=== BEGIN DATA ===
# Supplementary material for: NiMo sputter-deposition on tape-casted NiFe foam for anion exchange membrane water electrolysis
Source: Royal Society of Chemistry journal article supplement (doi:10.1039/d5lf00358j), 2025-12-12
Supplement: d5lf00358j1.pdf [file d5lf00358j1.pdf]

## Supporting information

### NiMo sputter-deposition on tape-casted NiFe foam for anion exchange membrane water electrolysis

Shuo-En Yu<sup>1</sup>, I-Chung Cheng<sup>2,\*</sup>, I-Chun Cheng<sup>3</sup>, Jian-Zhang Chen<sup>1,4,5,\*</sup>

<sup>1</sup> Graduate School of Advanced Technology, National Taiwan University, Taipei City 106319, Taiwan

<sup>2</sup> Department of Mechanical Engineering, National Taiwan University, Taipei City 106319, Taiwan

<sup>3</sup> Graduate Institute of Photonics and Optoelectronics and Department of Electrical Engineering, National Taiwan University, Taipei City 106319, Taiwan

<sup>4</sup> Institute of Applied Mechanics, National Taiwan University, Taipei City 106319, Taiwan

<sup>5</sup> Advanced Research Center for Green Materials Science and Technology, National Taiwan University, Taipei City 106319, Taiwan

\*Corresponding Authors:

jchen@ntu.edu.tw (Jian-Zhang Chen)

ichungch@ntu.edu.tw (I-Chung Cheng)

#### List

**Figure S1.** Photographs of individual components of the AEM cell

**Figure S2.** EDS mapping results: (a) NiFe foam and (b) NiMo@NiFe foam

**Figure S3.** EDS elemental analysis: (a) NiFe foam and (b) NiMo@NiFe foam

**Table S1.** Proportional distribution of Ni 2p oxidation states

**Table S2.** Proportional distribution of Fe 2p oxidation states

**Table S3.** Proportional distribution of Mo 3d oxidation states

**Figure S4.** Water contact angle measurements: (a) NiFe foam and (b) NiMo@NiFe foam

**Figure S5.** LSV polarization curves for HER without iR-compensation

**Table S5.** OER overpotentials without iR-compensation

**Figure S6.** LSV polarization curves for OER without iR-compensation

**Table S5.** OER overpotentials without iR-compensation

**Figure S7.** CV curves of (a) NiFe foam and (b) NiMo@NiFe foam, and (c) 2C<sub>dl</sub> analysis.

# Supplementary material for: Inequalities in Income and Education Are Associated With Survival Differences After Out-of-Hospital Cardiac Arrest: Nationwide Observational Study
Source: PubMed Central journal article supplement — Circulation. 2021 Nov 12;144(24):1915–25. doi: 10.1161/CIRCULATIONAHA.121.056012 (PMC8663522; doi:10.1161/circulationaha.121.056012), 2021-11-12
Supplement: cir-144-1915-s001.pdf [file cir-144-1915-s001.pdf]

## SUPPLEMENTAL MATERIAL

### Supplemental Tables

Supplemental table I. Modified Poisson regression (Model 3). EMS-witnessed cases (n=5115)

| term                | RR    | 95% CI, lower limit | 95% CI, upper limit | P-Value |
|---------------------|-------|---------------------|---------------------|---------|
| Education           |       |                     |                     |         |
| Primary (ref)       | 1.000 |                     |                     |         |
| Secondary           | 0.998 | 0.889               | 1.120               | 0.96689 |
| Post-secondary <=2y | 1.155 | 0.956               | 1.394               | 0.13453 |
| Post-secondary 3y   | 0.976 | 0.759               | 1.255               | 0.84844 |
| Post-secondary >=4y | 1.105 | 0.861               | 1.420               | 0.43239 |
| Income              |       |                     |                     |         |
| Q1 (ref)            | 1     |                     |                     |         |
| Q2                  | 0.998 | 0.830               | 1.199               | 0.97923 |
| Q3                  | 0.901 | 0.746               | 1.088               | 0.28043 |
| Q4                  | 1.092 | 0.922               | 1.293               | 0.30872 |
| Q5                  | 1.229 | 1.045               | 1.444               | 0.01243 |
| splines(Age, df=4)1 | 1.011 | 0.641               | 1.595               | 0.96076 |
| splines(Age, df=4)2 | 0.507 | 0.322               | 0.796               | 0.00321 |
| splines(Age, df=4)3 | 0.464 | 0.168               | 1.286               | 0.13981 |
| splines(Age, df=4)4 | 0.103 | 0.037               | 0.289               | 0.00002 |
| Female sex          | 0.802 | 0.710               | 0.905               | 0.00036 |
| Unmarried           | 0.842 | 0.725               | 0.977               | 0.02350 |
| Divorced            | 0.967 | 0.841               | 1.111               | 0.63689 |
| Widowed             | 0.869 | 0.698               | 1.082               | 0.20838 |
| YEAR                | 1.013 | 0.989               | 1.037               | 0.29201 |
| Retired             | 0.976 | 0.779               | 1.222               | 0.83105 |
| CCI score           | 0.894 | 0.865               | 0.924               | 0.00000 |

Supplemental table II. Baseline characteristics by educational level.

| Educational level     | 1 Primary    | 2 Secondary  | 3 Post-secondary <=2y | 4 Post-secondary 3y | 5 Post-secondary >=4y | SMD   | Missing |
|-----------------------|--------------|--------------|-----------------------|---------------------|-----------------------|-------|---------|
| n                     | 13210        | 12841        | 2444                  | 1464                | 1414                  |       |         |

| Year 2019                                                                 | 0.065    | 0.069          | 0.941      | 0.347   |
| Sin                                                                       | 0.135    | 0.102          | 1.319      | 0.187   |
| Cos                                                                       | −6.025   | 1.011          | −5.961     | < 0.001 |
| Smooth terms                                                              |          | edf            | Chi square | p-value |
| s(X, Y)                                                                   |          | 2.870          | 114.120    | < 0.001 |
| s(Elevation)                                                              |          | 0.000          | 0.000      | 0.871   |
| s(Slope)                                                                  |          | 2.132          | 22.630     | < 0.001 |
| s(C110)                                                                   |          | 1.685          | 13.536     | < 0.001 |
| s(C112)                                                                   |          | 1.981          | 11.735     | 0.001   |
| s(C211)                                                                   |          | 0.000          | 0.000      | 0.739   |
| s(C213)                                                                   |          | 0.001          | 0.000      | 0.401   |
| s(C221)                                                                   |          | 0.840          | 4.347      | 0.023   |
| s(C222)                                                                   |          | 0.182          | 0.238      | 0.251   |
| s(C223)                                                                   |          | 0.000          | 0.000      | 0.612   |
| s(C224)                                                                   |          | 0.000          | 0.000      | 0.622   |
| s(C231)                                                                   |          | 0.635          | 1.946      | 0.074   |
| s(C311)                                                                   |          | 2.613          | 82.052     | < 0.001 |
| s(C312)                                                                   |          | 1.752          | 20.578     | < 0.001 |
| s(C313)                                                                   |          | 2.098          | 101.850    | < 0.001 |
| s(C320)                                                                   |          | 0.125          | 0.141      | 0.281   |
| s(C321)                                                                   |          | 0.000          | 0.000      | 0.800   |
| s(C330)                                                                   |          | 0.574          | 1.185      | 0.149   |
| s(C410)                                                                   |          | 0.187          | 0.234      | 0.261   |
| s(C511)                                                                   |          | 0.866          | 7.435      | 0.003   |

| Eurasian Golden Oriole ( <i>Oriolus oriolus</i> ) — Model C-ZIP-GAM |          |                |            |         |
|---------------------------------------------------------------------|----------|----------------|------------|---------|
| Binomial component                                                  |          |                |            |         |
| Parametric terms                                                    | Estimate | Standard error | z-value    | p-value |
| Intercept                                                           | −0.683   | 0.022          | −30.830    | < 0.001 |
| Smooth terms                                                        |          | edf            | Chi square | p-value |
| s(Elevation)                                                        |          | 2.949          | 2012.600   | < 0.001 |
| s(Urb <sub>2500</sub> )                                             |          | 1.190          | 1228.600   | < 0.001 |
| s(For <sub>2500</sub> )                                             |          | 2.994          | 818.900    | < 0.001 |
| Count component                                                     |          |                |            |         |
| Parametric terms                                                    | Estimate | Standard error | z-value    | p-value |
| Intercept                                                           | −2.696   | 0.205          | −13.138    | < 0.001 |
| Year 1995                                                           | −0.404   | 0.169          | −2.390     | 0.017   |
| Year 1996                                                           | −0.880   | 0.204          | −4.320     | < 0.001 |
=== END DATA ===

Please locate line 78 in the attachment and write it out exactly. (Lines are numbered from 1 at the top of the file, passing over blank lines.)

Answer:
| s(C231)                                                                   |          | 0.635          | 1.946      | 0.074   |